Dawson had by this point got himself a new girlfriend, Kelly – not the same Kelly that Graham was seeing. I went round his new house on Sharpe Street on the day to work out what we were going to play in about four hours time, and how we were going to play it but there was no answer. I rang him but again, there was no answer. Straight to voicemail. I sat in my car outside his house and waited. And waited. About three hours later, he and Kelly rolled up and I asked hm what he was pissing about at. He apologised, sort of and said that it was too late to go through anything now, we’d just have to wing it. I wasn’t happy.
We turned up and, as we waited to be ushered in, sat on a bench outside to work it out. Dawson wanted to play a new song that we’d not actually finished writing yet. I told him he was daft. If we were going to play on the radio – live – we’d better not made bigger tits of ourselves than we had gotten into the habit of doing.
“Ah, it’ll be alright,” was his considered response. At that point in time, there was no talking to him. If an idea entered his head, he’d just do it and damn the consequences. I figured that was alright for him, but I wasn’t about to be dragged into it.
Inside Radio Humberside, they asked if we would play for a bit longer – perhaps a Christmas song, as it was that time of year.
“Yeah, no problem,” Dawson told them as I looked at him aghast.
“Are you off your tits?” I asked him, genuinely.
“Nah, let’s do that Slade one,” he said.
“Do you know the words to it?” I asked him, “Bearing in mind that you don’t seem overly familiar with the title at this point in time.”
We were live on the air, me working out the chords for a good two minutes before Katy, the producer caught our attention to point this out. We stumbled through Local Hero and, fortunately, without anybody needed to make it explicit, the offer of the second, Christmas song was just never mentioned again.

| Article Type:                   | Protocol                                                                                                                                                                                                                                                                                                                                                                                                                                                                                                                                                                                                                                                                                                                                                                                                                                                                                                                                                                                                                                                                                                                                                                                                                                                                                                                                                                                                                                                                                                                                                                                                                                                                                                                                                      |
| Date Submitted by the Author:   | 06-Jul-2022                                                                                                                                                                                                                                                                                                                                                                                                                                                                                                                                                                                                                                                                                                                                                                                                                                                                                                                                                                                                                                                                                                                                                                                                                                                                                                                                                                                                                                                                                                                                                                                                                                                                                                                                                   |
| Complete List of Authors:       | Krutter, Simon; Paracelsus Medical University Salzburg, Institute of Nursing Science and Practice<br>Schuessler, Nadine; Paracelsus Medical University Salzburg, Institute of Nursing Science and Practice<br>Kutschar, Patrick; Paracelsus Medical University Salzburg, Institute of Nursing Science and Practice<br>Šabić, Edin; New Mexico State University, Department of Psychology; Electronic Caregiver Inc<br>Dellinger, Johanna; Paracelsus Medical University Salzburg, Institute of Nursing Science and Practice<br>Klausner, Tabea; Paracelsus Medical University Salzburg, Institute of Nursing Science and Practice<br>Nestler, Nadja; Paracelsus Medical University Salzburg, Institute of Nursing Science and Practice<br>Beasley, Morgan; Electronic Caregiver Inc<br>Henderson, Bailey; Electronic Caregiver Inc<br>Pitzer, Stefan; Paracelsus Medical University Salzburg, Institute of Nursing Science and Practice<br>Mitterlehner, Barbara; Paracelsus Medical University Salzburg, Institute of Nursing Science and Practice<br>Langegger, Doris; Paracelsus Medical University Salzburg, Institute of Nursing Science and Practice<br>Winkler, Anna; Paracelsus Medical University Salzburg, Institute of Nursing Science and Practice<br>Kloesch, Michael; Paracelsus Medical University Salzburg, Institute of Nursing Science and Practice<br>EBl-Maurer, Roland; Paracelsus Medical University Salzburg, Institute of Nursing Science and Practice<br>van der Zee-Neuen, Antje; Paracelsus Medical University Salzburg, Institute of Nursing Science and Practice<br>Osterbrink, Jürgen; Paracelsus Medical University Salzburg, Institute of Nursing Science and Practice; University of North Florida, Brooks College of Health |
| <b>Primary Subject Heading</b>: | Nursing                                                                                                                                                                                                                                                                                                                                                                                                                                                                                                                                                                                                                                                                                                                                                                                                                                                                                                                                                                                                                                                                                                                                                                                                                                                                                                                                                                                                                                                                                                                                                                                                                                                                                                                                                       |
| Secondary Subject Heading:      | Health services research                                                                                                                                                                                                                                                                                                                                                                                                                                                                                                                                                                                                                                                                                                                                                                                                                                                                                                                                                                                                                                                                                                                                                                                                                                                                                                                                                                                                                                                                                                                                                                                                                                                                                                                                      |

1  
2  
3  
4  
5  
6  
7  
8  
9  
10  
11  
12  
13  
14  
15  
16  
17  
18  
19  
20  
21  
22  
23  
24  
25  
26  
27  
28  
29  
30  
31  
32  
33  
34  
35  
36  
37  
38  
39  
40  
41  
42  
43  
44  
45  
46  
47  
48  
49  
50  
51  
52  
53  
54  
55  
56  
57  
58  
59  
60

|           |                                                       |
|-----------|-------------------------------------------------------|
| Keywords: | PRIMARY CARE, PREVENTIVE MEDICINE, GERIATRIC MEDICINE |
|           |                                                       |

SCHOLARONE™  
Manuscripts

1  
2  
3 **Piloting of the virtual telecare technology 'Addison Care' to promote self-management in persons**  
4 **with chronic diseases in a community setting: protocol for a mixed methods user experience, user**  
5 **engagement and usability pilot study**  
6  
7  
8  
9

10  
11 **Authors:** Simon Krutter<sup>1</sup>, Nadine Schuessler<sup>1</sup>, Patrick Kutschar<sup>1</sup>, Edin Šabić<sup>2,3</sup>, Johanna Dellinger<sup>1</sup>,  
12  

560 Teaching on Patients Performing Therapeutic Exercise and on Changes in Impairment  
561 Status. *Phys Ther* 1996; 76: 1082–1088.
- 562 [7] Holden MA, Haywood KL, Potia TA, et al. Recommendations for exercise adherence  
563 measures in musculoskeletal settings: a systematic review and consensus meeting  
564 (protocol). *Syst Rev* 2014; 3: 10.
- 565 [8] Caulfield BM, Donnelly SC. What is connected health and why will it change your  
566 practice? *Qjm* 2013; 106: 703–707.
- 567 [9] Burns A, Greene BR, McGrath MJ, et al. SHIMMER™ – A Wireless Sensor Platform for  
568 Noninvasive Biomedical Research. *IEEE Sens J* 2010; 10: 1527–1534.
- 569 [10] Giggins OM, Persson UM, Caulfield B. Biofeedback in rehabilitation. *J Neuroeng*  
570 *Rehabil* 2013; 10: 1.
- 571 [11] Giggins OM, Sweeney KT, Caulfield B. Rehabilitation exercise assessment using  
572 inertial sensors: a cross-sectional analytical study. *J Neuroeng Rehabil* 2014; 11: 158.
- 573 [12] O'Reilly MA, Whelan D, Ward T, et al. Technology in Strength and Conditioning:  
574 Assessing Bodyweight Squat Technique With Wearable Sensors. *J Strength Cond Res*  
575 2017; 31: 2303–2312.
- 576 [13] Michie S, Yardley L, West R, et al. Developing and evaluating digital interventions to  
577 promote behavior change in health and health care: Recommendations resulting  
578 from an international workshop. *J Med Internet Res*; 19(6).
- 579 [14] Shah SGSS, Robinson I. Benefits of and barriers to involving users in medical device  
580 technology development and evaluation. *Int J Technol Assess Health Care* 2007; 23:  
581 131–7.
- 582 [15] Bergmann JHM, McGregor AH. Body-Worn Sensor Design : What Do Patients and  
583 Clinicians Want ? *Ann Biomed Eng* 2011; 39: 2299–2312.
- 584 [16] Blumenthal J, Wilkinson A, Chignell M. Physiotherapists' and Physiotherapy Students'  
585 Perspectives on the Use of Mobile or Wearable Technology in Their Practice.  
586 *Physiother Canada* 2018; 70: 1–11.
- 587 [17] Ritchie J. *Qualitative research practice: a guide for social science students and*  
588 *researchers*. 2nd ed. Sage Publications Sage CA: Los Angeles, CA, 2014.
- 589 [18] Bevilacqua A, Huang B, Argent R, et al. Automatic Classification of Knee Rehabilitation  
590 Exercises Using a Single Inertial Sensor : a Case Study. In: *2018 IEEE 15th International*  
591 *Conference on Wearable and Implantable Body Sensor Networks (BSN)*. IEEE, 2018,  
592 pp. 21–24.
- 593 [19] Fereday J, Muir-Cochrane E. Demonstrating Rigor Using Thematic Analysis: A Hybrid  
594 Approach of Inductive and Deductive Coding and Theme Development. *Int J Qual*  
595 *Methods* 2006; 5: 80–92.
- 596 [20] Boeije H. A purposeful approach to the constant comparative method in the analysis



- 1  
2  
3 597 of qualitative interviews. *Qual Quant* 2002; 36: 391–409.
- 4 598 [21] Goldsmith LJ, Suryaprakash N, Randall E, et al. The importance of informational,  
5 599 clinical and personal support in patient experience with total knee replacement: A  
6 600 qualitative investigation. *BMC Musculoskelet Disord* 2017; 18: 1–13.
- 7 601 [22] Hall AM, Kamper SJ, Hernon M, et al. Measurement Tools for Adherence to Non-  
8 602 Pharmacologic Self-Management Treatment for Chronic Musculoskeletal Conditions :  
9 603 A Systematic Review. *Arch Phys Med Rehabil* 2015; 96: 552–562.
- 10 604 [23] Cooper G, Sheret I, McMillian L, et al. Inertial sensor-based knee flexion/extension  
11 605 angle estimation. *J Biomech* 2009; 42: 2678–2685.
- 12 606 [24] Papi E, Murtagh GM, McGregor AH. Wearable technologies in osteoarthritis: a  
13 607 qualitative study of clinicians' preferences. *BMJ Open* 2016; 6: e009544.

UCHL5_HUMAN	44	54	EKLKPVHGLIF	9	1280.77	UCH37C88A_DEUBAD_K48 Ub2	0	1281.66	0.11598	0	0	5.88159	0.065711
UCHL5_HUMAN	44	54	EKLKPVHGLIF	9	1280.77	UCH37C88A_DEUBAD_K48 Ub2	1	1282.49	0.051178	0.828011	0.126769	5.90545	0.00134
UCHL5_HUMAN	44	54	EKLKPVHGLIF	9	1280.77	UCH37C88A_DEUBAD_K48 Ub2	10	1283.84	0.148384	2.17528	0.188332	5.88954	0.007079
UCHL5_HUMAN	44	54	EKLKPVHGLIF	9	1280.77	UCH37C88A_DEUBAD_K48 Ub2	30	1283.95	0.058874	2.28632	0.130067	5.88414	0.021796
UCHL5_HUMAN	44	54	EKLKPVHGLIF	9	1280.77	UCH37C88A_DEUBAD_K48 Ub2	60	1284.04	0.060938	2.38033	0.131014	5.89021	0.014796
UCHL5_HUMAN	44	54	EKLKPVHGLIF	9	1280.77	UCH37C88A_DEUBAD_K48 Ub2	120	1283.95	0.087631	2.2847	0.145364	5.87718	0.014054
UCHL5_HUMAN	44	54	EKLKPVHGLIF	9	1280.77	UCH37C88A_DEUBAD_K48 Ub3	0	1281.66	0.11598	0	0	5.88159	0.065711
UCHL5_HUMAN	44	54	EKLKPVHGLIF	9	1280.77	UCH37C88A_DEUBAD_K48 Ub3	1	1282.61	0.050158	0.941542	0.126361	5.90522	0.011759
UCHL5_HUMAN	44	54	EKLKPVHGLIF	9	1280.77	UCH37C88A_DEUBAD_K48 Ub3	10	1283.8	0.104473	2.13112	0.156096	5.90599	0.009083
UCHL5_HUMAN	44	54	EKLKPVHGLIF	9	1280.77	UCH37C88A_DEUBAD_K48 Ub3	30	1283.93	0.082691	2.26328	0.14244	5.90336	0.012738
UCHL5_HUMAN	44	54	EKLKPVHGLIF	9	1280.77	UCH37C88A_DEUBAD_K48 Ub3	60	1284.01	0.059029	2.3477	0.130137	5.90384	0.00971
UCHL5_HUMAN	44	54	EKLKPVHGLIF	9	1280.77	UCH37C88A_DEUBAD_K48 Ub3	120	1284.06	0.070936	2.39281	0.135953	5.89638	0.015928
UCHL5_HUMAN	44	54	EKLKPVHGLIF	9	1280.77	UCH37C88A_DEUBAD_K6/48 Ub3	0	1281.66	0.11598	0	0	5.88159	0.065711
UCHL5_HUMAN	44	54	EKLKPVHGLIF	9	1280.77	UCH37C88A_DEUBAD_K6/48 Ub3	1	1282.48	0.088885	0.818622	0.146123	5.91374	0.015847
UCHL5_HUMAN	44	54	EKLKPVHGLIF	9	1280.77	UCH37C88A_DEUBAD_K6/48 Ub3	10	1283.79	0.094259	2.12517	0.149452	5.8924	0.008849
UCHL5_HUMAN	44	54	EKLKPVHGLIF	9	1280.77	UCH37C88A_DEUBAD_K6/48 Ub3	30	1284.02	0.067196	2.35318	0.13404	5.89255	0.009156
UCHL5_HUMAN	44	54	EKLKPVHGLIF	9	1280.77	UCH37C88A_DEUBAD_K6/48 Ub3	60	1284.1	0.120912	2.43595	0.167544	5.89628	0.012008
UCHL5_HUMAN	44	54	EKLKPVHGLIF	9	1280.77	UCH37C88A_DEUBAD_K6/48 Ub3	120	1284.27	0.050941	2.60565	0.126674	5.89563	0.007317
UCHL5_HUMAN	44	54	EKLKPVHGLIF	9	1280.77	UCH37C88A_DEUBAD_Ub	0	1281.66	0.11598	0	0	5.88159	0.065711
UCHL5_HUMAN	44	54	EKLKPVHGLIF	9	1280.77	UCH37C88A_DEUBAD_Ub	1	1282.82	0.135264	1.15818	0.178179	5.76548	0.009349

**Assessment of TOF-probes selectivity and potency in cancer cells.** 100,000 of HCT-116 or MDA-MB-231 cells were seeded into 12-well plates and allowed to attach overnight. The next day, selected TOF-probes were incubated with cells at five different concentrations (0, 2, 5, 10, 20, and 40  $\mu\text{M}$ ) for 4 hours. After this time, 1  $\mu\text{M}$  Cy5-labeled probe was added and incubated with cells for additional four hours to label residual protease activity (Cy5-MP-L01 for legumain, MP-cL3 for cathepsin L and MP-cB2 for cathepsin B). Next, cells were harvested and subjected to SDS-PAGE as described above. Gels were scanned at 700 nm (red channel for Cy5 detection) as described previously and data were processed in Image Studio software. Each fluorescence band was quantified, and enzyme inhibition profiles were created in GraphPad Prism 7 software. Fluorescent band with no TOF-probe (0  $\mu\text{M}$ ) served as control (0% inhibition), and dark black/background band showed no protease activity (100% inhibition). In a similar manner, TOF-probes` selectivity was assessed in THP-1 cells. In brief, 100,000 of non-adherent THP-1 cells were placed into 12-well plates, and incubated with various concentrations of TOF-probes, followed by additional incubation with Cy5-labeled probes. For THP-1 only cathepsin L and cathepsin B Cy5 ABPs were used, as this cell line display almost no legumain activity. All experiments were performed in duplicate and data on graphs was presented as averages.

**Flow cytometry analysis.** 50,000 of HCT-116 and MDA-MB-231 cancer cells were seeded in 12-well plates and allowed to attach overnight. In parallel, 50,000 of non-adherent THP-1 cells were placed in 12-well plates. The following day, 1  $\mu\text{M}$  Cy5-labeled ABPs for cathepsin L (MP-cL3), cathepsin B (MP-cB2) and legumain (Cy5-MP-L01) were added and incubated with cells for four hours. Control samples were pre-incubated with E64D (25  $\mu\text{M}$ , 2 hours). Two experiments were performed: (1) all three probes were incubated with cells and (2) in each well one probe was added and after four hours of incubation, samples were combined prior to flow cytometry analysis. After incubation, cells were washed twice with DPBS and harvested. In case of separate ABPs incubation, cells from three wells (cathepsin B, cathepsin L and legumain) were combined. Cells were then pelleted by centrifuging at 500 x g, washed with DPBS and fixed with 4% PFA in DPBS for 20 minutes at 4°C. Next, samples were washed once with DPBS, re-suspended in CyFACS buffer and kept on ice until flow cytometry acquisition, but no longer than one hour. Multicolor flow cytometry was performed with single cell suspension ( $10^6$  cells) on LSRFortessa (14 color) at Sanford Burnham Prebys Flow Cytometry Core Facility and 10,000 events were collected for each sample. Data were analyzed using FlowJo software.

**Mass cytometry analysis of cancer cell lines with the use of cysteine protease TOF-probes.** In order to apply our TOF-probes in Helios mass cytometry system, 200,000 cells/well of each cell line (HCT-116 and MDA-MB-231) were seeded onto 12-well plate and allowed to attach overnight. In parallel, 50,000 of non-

We were interviewed again. Beginning with our usual inane implication that Alan was naked in the studio and we refused to let that particular ancient chestnut go throughout the entirety of the interview. I told Alan that, as far as I was concerned, The Local Hero demo was the worst thing I’d ever heard in my life and, were I Joe or Josephine punter, I wouldn’t touch it with a bargepole, let alone inflict it on my ears.
Having made tits of ourselves in terms of our horrendous lack of musical preparation as well as my slagging ourselves off to a far greater extent than anyone else would have been prepared to, Dawson and I bickered further in the car.
Bizarrely, at the end of the year, Local Hero was voted Track of The Year, by Radio Humberside listeners. None of whom we’d mobilised to vote for us because we were too fucking useless. I gathered that, whatever it was that my brain did, it was never going to be in harmony with the majority. I also realised that, having slagged it off at length to the Radio Humberside listeners, my views were evidently ignored as much by the population in general as they were in the band.
At the next rehearsal, I was late because I had a Parents’ Evening where I taught. Walking into the room, the other three burst into laughter.
“What?” I asked, not in the mood in general any more and specifically not following twelve hours at work.